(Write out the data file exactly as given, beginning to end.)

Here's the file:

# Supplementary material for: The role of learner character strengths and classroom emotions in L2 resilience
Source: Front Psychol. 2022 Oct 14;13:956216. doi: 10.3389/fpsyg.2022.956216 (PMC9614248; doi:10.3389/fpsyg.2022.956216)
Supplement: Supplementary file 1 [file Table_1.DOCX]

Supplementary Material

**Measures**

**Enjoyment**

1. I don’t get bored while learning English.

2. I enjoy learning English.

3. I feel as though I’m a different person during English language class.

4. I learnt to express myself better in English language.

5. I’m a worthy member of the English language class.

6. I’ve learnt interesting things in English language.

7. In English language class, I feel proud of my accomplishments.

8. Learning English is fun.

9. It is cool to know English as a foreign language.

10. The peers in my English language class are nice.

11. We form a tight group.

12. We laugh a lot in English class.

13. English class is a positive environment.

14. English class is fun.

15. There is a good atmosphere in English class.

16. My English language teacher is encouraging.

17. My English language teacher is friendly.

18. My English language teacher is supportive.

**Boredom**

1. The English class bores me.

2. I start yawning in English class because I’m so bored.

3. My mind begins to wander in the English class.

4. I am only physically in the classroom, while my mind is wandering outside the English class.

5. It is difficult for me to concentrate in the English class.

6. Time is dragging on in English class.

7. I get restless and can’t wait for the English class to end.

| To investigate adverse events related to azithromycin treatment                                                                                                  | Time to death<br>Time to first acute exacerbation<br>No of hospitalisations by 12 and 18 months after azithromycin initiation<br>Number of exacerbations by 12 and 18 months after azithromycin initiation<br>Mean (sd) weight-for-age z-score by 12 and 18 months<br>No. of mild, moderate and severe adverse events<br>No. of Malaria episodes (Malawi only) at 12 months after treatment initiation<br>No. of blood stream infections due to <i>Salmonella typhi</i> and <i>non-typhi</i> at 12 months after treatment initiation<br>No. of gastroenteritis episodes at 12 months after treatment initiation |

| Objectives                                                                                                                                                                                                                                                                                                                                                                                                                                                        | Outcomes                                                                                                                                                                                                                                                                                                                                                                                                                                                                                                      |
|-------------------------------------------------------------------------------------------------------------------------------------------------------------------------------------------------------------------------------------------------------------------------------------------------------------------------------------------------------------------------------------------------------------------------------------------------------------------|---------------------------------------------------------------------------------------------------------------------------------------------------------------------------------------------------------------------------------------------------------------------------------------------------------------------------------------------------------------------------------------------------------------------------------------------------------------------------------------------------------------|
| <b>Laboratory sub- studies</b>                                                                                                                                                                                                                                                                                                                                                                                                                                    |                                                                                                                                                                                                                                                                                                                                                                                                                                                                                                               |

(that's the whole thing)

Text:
# Supplementary material for: The role of learner character strengths and classroom emotions in L2 resilience
Source: Front Psychol. 2022 Oct 14;13:956216. doi: 10.3389/fpsyg.2022.956216 (PMC9614248; doi:10.3389/fpsyg.2022.956216)
Supplement: Supplementary file 1 [file Table_1.DOCX]

Supplementary Material

**Measures**

**Enjoyment**

1. I don’t get bored while learning English.

2. I enjoy learning English.

3. I feel as though I’m a different person during English language class.

4. I learnt to express myself better in English language.

5. I’m a worthy member of the English language class.

6. I’ve learnt interesting things in English language.

7. In English language class, I feel proud of my accomplishments.

8. Learning English is fun.

9. It is cool to know English as a foreign language.

10. The peers in my English language class are nice.

11. We form a tight group.

12. We laugh a lot in English class.

13. English class is a positive environment.

14. English class is fun.

15. There is a good atmosphere in English class.

16. My English language teacher is encouraging.

17. My English language teacher is friendly.

18. My English language teacher is supportive.

**Boredom**

1. The English class bores me.

2. I start yawning in English class because I’m so bored.

3. My mind begins to wander in the English class.

4. I am only physically in the classroom, while my mind is wandering outside the English class.

5. It is difficult for me to concentrate in the English class.

6. Time is dragging on in English class.

7. I get restless and can’t wait for the English class to end.

| To investigate adverse events related to azithromycin treatment                                                                                                  | Time to death<br>Time to first acute exacerbation<br>No of hospitalisations by 12 and 18 months after azithromycin initiation<br>Number of exacerbations by 12 and 18 months after azithromycin initiation<br>Mean (sd) weight-for-age z-score by 12 and 18 months<br>No. of mild, moderate and severe adverse events<br>No. of Malaria episodes (Malawi only) at 12 months after treatment initiation<br>No. of blood stream infections due to <i>Salmonella typhi</i> and <i>non-typhi</i> at 12 months after treatment initiation<br>No. of gastroenteritis episodes at 12 months after treatment initiation |

| Objectives                                                                                                                                                                                                                                                                                                                                                                                                                                                        | Outcomes                                                                                                                                                                                                                                                                                                                                                                                                                                                                                                      |
|-------------------------------------------------------------------------------------------------------------------------------------------------------------------------------------------------------------------------------------------------------------------------------------------------------------------------------------------------------------------------------------------------------------------------------------------------------------------|---------------------------------------------------------------------------------------------------------------------------------------------------------------------------------------------------------------------------------------------------------------------------------------------------------------------------------------------------------------------------------------------------------------------------------------------------------------------------------------------------------------|
| <b>Laboratory sub- studies</b>                                                                                                                                                                                                                                                                                                                                                                                                                                    |                                                                                                                                                                                                                                                                                                                                                                                                                                                                                                               |